Wayne Larrivee, the voice of the Packers Radio Network, is a pro’s pro. He’s the best radio announcer in the NFL. He’s clear, concise, and paints a wonderful picture of the game through his words over the radio airwaves. While he’s pulling for the hometown team, he isn’t over the top about it. He keeps it honest and professional. There’s a reason he always gets gigs to call games for ESPN.
During this contest versus the Baltimore Ravens, he was visibly annoyed by the performance from the Packers. Or, you could hear how annoyed he was and could clearly imagine the frustration that he would be showing if seeing him in person. As a professional, it was embarrassing for him to report the three hour debacle on the field. This tweet from Doug Schneider of the Green Bay Press Gazette correctly summarizes what Larrivee was tasked with reporting to the radio audience.
There will be countless articles detailing the putrid performance from the Packers today. This isn’t one of them. This is about a compelling point that was brought up during the radio broadcast by the best in the business.
Wayne Larrivee stated several times, most notably when Kenny Clark went down with a serious looking ankle injury, something we all know deep down. His words were along the lines of, “Bigger. Faster. Stronger… This does not equate to a better product on the field.”
He is 100% correct.
The athletes in all sports nowadays are better each year. The information and resources for maximizing potential output from the human body is now bottomless. Our society is now a couple generations into developing its athletes into the most physical specimens possible from birth to adulthood. Humans haven’t evolved enough in the past 50 years to where the average weight of an NFL lineman jumps by over 50 pounds. An artificial accelerator has been introduced.
Weight training, nutrition, and information on maximizing physical output have advanced astronomically in the past 40 years. Sports used to be a collection of people who happened to be the best at what they did without living in a weight room and training year round for a specific sport. NFL players held full time jobs after the season was over because they needed the money. Football was merely a fall gig. They had jobs to do from January thru August instead of time to pump iron. The men of yesteryear were not idolized and paid fortunes to play a kid’s game. They had real jobs and made blue collar wages.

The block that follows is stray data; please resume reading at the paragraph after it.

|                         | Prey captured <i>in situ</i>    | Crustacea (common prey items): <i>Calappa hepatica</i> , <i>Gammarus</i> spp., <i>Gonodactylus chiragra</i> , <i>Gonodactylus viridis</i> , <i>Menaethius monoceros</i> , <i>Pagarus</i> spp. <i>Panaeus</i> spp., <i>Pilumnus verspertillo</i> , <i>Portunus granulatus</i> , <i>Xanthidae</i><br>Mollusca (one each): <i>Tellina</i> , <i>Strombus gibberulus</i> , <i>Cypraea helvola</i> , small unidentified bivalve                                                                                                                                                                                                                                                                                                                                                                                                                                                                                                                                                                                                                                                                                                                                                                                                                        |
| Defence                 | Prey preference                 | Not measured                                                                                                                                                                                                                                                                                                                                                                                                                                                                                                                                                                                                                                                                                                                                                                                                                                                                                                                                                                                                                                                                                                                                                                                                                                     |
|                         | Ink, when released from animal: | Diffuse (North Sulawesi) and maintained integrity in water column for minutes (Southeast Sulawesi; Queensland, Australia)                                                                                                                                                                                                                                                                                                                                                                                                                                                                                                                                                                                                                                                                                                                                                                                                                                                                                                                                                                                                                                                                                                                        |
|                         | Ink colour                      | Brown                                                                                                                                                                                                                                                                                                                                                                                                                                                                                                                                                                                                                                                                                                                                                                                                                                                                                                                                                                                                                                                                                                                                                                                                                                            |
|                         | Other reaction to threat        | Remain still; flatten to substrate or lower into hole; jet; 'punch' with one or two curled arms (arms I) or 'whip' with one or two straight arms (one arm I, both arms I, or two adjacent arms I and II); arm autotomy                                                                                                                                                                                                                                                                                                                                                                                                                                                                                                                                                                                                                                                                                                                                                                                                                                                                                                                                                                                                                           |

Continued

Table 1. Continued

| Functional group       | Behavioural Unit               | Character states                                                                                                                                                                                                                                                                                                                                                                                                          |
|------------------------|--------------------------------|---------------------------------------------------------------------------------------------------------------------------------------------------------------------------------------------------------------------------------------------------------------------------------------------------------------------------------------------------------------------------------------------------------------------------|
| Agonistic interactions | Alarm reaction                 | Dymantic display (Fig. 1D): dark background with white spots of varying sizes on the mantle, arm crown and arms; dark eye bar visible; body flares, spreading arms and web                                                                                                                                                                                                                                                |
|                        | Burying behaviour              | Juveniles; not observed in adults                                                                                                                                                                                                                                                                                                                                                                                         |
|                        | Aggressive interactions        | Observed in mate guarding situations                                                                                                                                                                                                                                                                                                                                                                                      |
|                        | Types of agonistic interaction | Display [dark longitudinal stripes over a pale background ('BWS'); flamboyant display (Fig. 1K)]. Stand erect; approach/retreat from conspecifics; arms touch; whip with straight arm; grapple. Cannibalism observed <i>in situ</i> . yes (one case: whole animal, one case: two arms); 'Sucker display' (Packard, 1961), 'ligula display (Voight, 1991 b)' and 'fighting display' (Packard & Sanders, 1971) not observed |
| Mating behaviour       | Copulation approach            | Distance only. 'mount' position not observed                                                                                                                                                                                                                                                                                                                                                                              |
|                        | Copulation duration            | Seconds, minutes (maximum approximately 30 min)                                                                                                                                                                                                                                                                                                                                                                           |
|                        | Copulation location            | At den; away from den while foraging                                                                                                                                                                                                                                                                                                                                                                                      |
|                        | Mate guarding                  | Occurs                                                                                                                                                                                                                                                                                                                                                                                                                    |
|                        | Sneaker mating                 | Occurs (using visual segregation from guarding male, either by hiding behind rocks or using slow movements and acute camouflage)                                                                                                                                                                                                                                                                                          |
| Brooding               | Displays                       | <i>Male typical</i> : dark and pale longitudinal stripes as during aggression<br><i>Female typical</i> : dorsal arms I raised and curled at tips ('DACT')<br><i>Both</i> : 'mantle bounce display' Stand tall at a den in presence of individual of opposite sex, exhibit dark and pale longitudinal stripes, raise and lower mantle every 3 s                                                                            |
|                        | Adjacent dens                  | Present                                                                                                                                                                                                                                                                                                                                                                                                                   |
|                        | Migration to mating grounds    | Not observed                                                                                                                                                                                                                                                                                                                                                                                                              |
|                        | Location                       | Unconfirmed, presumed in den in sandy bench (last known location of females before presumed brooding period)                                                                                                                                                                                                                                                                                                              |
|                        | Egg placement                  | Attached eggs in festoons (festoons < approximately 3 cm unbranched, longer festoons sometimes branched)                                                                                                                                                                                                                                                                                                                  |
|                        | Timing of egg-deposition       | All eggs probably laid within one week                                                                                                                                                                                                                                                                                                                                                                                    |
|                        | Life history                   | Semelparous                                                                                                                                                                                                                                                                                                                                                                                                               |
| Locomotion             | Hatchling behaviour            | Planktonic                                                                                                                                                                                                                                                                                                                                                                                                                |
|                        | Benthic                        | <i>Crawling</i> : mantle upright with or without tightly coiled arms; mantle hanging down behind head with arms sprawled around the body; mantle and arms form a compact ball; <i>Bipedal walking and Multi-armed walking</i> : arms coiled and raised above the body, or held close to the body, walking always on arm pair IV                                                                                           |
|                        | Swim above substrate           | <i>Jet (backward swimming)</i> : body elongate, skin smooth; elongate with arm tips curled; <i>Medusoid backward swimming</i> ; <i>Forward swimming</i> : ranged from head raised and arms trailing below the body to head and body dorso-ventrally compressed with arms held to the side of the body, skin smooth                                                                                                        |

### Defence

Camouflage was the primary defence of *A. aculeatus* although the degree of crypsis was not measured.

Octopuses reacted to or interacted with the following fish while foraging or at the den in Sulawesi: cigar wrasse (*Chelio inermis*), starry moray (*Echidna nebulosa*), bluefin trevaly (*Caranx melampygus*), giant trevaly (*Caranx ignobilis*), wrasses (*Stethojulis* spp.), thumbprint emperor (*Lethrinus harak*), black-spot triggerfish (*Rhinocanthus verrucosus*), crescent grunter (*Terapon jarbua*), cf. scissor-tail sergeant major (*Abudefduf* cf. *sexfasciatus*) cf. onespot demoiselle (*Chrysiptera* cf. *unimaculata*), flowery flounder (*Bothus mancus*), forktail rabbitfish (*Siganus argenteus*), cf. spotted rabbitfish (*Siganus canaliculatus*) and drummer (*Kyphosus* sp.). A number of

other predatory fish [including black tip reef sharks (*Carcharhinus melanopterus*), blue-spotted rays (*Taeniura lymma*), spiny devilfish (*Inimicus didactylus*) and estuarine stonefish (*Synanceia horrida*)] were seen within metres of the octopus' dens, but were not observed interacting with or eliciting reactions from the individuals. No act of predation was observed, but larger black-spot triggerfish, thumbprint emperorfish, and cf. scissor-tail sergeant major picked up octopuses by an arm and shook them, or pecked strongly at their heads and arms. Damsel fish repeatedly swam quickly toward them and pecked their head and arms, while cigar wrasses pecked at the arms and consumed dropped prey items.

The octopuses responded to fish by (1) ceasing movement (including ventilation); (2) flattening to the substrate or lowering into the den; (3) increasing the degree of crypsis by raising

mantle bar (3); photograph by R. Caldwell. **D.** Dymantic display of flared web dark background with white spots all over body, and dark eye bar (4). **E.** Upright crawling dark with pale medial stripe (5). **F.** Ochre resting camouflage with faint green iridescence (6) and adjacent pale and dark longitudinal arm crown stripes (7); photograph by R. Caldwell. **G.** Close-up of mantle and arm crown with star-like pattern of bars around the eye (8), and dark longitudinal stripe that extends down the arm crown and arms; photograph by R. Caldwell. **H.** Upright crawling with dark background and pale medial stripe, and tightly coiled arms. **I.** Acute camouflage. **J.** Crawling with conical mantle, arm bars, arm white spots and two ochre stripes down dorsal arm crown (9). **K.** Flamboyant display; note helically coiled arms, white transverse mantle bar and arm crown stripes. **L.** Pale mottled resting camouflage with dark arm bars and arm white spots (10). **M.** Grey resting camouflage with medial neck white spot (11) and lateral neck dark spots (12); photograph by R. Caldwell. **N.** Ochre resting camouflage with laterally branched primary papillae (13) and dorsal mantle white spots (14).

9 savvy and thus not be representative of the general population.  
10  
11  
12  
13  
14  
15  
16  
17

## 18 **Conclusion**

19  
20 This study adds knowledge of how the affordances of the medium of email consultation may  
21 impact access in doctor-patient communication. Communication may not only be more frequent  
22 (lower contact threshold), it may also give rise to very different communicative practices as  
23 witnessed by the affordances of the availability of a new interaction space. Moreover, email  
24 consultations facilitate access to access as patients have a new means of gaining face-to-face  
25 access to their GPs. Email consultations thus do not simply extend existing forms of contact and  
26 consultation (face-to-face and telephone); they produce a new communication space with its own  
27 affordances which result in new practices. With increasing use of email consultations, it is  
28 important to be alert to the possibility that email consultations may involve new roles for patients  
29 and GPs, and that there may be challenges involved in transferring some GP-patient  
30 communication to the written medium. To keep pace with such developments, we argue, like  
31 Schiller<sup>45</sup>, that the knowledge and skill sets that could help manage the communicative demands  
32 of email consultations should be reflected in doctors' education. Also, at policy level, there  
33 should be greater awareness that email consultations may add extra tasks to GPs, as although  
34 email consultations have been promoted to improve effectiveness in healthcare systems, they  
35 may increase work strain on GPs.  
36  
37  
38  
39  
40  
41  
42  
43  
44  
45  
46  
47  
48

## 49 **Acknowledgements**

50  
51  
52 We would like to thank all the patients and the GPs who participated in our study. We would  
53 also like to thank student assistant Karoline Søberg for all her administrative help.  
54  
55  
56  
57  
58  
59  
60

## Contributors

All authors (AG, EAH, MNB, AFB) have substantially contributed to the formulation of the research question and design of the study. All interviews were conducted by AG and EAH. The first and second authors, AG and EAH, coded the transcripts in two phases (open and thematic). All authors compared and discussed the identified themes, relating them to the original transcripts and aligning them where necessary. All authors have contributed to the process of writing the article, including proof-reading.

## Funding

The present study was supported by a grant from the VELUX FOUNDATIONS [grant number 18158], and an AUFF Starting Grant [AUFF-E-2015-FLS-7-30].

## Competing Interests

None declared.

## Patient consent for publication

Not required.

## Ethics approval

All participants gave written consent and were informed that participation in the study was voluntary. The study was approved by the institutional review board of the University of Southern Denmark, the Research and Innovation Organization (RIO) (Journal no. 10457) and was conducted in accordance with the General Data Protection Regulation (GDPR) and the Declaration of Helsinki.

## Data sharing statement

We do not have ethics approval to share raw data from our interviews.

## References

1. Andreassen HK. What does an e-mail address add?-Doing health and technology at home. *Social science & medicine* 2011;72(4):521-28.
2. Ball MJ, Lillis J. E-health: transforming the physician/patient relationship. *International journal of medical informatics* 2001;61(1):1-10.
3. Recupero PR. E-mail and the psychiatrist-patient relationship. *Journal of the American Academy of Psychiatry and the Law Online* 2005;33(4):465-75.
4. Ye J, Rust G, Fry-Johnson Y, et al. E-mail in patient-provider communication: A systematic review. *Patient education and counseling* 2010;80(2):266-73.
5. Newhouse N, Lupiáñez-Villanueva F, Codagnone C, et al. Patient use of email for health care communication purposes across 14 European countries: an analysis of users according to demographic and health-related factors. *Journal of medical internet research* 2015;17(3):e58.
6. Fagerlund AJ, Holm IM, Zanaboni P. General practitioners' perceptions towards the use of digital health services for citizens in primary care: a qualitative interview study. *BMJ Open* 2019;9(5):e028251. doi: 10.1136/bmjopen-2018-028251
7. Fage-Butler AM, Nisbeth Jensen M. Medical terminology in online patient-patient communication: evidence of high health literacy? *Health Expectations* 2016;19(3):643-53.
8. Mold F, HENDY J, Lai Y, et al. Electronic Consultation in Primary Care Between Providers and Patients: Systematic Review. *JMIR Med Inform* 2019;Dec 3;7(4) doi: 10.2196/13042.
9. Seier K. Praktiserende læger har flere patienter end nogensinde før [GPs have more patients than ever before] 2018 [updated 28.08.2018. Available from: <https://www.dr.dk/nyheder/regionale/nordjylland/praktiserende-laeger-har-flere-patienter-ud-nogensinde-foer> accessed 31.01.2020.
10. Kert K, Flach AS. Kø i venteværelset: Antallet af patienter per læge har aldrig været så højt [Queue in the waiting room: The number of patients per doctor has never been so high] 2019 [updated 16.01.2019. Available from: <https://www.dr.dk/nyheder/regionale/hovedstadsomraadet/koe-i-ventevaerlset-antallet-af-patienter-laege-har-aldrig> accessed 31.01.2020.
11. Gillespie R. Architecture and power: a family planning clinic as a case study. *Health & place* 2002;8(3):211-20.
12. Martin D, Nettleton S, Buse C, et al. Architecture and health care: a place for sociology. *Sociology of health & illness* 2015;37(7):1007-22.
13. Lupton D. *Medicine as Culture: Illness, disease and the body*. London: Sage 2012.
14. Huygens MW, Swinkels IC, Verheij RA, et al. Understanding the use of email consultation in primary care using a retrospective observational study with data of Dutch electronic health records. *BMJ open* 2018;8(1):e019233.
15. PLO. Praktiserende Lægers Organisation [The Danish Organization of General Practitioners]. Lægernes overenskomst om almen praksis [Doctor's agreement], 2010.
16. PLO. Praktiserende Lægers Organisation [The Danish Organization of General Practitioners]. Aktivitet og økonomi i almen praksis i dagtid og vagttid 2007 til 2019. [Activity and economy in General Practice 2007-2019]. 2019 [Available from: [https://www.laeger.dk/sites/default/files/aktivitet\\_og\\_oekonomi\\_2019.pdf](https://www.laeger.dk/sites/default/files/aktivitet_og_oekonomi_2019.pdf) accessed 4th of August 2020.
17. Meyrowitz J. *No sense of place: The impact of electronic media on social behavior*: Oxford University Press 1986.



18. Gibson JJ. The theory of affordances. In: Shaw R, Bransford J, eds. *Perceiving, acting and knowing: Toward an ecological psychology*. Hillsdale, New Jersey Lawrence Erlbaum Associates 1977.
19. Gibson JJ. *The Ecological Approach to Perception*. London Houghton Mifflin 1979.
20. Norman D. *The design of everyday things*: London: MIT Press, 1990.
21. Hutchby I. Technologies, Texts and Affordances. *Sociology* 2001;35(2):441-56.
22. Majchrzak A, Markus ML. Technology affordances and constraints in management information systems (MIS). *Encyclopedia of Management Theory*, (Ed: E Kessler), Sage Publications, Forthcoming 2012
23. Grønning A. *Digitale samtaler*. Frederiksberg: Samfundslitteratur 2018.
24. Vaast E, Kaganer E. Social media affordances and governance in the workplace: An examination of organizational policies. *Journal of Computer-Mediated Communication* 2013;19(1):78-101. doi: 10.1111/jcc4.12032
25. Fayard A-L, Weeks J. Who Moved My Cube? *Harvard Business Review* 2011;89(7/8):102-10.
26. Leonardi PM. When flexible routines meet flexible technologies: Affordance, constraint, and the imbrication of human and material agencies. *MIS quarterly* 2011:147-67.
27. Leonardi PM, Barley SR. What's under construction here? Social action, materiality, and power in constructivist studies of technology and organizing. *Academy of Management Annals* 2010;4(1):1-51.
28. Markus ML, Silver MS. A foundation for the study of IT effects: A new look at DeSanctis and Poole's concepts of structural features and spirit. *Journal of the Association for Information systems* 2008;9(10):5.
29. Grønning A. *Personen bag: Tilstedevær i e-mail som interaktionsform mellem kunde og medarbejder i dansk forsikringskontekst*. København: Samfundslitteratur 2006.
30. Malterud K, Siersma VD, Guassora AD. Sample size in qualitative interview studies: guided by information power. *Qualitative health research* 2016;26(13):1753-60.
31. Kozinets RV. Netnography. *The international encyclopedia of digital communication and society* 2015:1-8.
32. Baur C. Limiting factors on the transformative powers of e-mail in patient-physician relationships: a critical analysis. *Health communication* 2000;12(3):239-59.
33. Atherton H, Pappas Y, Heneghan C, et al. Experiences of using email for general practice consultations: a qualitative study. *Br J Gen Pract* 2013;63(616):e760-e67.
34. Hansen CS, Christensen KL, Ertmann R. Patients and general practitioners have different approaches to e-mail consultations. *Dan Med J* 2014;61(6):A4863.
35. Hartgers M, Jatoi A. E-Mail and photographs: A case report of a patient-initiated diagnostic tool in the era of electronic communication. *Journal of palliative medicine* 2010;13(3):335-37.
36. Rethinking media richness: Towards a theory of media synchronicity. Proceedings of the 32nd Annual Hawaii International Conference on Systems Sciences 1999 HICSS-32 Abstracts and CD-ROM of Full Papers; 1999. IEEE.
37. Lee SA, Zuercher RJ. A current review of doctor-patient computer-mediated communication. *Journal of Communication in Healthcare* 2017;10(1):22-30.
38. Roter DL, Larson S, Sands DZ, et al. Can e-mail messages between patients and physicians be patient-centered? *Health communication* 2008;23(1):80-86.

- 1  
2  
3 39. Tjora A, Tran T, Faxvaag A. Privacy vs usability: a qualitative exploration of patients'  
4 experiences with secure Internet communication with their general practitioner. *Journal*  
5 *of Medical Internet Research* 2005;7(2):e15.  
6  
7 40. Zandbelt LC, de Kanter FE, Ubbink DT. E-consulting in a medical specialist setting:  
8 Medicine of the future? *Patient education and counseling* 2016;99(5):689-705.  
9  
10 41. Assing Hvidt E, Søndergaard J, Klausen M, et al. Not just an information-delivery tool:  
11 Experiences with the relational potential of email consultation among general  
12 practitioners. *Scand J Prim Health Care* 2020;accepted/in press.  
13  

Fast forward to 2017. Virtually every player on every roster is a physical specimen sans punters, kickers, and some quarterbacks. Collisions in football are sometimes described like a car collision. Well, if collisions in the 1960s were like two Volkswagon Beetles colliding, today’s collisions are like two Ford F-350 King Ranches colliding.
While politics infecting the NFL has done damage in the short-term, the seriousness of injuries and inability of players to stay on the field are critical issues for the long-term. Though the bodies are so much bigger/faster/stronger than a couple generations ago, their ability to withstand the increased punishment that said bodies dole out on each other has not kept pace. Advancements in surgery and rehab have been made, but not enough to counter the increase in the ability to inflict damage.
Larrivee also stated that it was unheard of to hear about 300 pound lineman doing 5 second shuffle drills at the combine. Now, it’s expected. The torque that bodies leverage against each other vs. the 1960s is almost night and day apart.
All this comes back to what the old guard in Wayne Larrivee and his kin see now vs. what they grew up seeing. The ankles that get bent back from the force of a pile are enduring harsher treatment. When a tackle’s leg gets rolled into, it’s now from a 350 pounder instead of a 250 pound man. Defenseless receivers now get head shots by 230 pound safeties charging at 18 mph instead of 190 pound safeties charging at 15 mph.
Larrivee seemed tired during the latest broadcast from seeing another player carted off the field. He’s tired of sloppy play from less talented players being forced into action because of the inevitable injuries to starters. Sloppy play results in good players being forced into more compromising situations.
But hey, it’s football. Injuries are expected. They’re a part of the game. Next man up. Survival of the fittest.
Sometimes, though, it just plain stinks when someone that’s great at what they do keep getting hurt, and it doesn’t have to totally be that way.
________________John Piotrowski is a UW-Eau Claire alum, spending most of his life in western WI. He makes the trek east to Lambeau whenever possible. Follow him on twitter at @piosGBP.